In Defense of Incrementalism

My latest at PracticalPoliticking.

It’s fashionable of late for conservatives to rally around whichever politician takes the firmest and most flamboyant public stance, regardless of diplomacy or discretion. This approach might be suitable at a fundraising event or CPAC, but it’s less constructive when real victory requires political acumen. It’s furthermore fashionable to ostracize Republicans who understand that it takes a majority to advance conservative policy.

Senate Minority Leader Mitch McConnell’s Kentucky primary challenger Matt Bevin illuminated the bizarre absurdity of this disconnect, stating recently on Glenn Beck’s radio show that he would be “willing to risk losing the Senate if we could keep America,” as if the country can be improved with Harry Reid controlling the upper chamber and retaining the ability to block any House legislation he so desires. The attitude that “if Republicans just grew a spine …” plays well for talk radio ratings and bolstering email lists, but reality remains that governing requires winning, and winning requires a great deal more than appealing to the base’s emotionalism with reckless abandon.

Too many seem content with allowing politicians to pound the podium with shallow platitudes such as “It’s time to stand up and fight!” while the crowd applauds and everyone pretends as if something meaningful was accomplished.

Read the rest here.

Making the Moral Case for Conservatism

My latest featured column at PracticalPoliticking.

President Obama won re-election almost solely due to the fact that voters believed he cared about them more than Mitt Romney did. Most every exit poll revealed that voters saw Romney as the more competent leader in matters of economy, foreign affairs, and the government’s fiscal crises.

While politically frustrating for conservatives who believe a candidate’s merit – and indeed the merit of policy in general – is judged by the ramifications of his ideas and not his propagated personal charity, this type of cognitive reasoning is at least interesting from a sociological standpoint. 52% of voters saw what they believed were two distinct options – competence or compassion – and chose compassion.

This decision represents a lot of things, some good and some bad. A society that values helping others is inarguably admirable. But – and here’s the big but – voters are being grossly mislead regarding what policies actually do improve quality of life for the maximum number of people.

Read the rest here.

The Brashness of the Abortion Caucus

My latest post in The Ring at PracticalPoliticking.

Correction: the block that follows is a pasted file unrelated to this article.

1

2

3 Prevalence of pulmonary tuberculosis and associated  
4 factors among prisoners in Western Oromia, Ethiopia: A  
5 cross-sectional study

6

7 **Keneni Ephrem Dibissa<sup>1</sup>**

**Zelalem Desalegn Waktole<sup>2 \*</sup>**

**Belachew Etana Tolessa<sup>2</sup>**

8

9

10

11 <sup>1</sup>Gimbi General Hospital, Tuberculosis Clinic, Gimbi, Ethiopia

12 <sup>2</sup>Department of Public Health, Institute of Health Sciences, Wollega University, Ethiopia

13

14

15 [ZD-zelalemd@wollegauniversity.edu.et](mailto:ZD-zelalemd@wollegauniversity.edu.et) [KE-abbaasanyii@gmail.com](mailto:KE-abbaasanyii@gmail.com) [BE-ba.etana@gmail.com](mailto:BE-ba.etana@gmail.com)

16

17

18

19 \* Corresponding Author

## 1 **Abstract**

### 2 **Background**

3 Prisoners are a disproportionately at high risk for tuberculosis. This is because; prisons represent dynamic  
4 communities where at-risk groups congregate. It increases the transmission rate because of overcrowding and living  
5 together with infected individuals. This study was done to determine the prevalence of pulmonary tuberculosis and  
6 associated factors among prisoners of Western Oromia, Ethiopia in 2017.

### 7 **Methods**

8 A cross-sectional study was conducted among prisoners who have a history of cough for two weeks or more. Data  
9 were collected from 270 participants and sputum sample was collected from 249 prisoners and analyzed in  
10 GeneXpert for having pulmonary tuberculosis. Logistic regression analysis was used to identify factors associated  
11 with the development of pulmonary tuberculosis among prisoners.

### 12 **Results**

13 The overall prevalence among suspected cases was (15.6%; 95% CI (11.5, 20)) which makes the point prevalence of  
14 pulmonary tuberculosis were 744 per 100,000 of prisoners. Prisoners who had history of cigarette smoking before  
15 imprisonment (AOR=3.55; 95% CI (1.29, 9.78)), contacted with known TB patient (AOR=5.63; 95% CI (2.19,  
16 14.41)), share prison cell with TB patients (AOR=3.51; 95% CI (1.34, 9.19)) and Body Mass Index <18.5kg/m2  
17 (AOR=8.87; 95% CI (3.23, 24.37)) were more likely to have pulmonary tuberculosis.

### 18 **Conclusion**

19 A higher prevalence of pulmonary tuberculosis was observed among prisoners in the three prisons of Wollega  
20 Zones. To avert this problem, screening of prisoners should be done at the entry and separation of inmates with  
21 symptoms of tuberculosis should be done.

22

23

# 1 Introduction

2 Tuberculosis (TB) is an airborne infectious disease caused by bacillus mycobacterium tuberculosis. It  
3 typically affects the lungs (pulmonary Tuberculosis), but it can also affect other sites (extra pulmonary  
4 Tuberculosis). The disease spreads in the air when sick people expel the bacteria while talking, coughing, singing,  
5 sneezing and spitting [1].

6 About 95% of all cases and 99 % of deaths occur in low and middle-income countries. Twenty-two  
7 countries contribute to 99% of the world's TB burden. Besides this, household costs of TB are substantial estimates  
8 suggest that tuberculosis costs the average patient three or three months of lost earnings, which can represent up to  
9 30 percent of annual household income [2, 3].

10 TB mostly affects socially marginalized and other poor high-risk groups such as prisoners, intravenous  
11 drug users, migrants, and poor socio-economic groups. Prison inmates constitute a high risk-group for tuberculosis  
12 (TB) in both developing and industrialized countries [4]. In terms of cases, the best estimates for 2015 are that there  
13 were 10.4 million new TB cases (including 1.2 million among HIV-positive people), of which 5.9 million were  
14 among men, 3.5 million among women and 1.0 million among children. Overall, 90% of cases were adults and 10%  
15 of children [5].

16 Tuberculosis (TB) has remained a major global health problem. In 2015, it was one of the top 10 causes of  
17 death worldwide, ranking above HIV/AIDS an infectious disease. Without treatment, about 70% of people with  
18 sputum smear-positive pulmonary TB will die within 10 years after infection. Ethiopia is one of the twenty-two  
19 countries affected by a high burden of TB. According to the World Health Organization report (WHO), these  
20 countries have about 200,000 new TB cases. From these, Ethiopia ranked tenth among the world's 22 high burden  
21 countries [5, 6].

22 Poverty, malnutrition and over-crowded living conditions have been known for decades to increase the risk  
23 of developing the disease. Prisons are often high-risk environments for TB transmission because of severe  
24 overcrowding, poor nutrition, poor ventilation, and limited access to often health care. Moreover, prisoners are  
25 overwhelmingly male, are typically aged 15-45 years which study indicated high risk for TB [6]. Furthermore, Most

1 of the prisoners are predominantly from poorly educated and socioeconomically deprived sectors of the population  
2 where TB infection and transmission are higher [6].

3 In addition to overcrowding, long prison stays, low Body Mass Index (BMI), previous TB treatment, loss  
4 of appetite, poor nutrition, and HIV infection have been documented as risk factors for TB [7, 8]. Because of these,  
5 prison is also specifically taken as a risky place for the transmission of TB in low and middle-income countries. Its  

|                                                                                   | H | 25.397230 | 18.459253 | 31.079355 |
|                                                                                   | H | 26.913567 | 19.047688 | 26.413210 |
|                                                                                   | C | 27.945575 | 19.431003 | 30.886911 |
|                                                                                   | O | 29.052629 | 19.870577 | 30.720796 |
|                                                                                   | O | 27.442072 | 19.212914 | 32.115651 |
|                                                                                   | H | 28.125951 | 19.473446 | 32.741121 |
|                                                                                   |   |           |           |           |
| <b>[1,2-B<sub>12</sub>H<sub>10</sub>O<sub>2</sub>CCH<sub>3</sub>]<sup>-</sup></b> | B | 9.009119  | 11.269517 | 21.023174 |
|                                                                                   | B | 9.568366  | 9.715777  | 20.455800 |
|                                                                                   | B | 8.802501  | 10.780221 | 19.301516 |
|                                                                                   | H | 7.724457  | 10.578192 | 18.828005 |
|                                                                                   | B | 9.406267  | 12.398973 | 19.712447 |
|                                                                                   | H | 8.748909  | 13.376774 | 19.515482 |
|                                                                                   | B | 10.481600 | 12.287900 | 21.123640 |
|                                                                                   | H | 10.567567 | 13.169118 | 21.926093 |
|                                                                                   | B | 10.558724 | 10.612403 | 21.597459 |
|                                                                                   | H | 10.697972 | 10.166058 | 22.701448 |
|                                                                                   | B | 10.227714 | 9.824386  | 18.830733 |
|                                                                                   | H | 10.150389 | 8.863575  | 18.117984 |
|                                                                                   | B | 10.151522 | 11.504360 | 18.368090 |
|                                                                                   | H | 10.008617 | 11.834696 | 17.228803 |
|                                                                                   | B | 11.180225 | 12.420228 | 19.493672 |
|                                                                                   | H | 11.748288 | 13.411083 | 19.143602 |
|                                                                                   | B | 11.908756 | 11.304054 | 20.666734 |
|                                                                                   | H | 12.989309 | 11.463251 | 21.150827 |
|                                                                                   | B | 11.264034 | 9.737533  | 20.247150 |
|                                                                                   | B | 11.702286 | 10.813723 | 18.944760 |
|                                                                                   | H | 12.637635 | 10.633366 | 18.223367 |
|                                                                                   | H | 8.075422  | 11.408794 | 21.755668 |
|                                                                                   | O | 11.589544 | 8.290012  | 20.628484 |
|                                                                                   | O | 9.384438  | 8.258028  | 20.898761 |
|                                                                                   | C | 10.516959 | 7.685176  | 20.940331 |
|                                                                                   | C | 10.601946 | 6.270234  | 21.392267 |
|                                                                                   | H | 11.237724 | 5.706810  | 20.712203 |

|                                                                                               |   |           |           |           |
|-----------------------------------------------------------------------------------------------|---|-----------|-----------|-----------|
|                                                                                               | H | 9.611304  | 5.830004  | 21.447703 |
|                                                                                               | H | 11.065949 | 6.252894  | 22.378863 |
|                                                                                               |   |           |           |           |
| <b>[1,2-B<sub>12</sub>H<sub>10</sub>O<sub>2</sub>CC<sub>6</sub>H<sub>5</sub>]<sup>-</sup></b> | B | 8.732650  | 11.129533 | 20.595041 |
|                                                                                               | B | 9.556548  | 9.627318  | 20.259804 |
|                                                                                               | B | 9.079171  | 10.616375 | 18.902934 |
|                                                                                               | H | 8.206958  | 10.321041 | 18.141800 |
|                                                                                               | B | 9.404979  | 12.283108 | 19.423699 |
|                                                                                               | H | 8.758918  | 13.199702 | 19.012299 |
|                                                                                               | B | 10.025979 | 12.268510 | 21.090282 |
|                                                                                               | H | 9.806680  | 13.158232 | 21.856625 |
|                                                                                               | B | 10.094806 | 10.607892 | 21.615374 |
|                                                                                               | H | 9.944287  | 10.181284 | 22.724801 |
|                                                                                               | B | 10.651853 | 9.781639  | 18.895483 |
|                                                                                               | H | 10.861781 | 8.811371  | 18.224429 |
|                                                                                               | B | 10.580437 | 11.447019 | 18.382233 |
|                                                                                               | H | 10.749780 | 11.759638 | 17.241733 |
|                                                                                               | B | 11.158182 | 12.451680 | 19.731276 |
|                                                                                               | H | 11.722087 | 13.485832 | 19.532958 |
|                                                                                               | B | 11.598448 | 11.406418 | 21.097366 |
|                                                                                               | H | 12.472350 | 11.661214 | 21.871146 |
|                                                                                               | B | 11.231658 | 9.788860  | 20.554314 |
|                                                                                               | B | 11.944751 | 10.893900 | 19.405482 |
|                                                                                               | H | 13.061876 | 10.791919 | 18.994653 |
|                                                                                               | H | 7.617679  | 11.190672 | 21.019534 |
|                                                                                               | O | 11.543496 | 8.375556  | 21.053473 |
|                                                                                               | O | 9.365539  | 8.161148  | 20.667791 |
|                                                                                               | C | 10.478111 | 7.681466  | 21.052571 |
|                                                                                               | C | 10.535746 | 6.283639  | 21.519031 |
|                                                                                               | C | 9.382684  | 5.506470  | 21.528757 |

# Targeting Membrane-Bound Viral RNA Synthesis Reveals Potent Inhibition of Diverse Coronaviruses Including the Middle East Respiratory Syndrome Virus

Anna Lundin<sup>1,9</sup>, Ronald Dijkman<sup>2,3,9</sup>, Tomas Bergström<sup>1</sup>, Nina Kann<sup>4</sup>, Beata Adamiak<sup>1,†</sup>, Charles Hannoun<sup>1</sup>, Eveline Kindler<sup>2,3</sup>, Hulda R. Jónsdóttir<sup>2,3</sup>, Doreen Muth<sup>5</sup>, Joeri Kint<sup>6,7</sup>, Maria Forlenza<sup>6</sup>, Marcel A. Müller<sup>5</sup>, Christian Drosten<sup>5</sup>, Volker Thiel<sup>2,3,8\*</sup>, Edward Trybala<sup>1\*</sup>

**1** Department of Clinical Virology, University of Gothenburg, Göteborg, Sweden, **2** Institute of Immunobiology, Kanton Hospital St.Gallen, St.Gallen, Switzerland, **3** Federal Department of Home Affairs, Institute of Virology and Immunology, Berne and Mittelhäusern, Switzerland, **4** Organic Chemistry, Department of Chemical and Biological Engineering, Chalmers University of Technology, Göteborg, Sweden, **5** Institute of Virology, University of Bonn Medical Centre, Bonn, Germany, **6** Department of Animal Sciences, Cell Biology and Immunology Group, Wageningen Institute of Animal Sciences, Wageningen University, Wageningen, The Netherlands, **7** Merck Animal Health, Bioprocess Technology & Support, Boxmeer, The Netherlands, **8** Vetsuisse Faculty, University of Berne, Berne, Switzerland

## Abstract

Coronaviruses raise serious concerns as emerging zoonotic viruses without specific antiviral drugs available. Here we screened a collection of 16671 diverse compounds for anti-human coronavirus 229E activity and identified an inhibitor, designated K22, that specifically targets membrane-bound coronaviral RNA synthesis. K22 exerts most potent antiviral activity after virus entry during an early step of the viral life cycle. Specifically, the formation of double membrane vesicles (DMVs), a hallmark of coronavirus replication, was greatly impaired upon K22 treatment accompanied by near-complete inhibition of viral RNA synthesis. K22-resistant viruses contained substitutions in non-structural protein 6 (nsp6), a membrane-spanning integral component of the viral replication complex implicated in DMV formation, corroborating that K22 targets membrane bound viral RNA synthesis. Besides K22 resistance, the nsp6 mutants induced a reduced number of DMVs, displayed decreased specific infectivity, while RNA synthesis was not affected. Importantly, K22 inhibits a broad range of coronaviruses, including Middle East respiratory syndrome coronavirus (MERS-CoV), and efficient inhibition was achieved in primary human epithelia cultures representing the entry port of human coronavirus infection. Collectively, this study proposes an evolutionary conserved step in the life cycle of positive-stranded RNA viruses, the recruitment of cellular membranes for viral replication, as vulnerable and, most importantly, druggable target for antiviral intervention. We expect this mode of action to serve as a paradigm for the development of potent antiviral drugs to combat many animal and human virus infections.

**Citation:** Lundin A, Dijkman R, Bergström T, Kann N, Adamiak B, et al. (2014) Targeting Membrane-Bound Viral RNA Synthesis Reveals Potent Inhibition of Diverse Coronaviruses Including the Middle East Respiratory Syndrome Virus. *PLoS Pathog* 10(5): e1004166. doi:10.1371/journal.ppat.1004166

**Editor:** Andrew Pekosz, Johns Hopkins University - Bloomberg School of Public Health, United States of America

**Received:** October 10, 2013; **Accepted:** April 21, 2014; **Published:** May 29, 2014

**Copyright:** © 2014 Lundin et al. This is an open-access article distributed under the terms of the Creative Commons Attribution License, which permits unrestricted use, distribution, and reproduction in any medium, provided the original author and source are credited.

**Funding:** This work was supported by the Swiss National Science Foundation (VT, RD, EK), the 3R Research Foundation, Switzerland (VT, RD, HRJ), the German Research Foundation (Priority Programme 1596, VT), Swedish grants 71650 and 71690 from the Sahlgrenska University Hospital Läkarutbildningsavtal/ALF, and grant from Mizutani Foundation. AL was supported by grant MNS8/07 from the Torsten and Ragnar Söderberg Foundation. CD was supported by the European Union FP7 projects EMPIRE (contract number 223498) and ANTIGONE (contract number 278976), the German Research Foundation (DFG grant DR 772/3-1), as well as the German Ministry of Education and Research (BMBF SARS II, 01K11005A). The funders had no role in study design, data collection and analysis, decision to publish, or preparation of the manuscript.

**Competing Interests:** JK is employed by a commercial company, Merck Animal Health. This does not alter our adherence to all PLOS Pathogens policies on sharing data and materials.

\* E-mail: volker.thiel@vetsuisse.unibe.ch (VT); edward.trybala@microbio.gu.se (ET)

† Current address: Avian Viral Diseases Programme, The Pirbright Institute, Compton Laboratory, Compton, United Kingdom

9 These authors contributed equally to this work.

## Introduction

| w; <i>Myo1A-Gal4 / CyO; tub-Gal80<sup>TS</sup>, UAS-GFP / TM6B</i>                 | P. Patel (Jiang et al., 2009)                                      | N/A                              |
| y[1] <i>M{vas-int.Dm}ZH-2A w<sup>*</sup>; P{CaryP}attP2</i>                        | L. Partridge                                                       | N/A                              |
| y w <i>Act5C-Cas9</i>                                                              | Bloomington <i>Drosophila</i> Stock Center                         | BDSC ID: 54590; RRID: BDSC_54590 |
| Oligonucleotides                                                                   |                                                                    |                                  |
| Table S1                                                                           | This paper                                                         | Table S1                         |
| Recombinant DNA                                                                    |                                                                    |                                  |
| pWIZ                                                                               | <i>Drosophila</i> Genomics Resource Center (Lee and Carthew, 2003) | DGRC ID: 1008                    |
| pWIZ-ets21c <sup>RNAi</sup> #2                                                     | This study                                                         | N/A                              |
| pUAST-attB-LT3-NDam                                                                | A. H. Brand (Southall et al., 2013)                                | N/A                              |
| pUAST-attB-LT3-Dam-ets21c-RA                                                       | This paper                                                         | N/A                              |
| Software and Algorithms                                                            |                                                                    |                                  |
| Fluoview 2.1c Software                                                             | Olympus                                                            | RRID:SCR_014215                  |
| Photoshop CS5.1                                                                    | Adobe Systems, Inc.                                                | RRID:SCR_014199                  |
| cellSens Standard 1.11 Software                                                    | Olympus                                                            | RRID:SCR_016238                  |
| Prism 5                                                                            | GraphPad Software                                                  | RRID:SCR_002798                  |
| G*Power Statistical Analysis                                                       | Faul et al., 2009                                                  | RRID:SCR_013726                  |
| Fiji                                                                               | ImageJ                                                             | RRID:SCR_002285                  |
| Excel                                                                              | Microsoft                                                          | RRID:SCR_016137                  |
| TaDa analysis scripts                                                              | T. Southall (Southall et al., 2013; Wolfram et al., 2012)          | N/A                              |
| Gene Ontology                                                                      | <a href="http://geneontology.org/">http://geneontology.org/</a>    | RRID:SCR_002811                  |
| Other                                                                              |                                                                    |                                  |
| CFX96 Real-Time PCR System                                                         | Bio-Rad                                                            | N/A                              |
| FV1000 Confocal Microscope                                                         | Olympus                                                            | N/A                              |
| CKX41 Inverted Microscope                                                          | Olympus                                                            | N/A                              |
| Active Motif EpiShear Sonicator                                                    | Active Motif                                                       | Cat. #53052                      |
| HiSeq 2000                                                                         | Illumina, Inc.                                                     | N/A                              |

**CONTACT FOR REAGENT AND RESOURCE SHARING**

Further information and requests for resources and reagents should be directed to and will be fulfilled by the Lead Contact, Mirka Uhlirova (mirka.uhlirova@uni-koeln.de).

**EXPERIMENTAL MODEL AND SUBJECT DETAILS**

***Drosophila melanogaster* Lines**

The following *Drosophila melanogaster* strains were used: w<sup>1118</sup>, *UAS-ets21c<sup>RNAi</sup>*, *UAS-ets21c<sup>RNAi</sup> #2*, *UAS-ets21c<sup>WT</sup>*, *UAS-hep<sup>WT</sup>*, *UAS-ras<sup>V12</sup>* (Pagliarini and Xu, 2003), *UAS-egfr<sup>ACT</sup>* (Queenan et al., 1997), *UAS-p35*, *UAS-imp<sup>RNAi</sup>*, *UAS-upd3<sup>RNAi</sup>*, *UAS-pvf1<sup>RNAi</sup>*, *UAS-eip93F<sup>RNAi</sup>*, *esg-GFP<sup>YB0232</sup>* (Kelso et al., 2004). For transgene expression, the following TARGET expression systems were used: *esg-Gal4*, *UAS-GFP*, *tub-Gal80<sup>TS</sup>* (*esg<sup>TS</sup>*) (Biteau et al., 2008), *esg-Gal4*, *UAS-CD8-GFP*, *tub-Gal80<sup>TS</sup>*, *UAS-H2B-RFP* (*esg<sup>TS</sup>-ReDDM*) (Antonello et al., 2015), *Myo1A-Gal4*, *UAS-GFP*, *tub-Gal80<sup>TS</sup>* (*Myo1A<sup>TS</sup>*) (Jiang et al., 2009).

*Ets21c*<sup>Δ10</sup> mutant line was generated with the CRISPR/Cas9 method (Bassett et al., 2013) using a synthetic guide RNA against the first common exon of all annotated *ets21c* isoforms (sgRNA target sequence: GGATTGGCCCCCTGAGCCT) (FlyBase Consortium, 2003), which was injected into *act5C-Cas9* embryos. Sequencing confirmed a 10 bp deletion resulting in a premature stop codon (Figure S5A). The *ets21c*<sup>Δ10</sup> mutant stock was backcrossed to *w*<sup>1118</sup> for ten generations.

Mere procedural victory wasn’t good enough for Representative Wessel-Kroeschell, however. She wanted her voice on record in opposition, and so it is.

“I want to let you know that we as women know about babies. We love them. We adore them.”

Right. So much so, that the women who died as a result of webcam abortions deterred the determined Wessel-Kroeschell not a smidge, and that the babies she claims to “love” and “adore” should very well be done away with for the inconvenience they create in a woman’s life.

What we have here is a pure, unadulterated admittance that the act of abortion takes a human life, that it’s justified because raising kids is sometimes difficult, that the act of webcam abortion has killed several women but should be continued, and that the vast majority of Iowa Democrats support all of this anyway.

Read the rest here.

Another Blow to Big Labor

My latest post in The Ring at PracticalPoliticking.

Last evening when most Americans were either spending Valentine’s Day with their significant others or halfway through their second can of Pringles watching House of Cards, auto workers in Tennessee were busy delivering the latest blow to the stumbling, bumbling, crumbling Big Labor movement.

Workers at the major Volkswagen plant in Chattanooga rejected the United Auto Workers efforts to unionize them by a razor-thin margin. The nay’s took it 712-626.

Reporters tweeting reaction couldn’t believe the tears (literally) and general dispirit of the union activists and the UAW bigwigs.

President Obama chimed in with token support, saying that only those “more concerned about German shareholders than American workers” could have the audacity to oppose forcing plant workers to pay dues that serve mainly as pocket liners for union bosses and the Democrat politicians they support.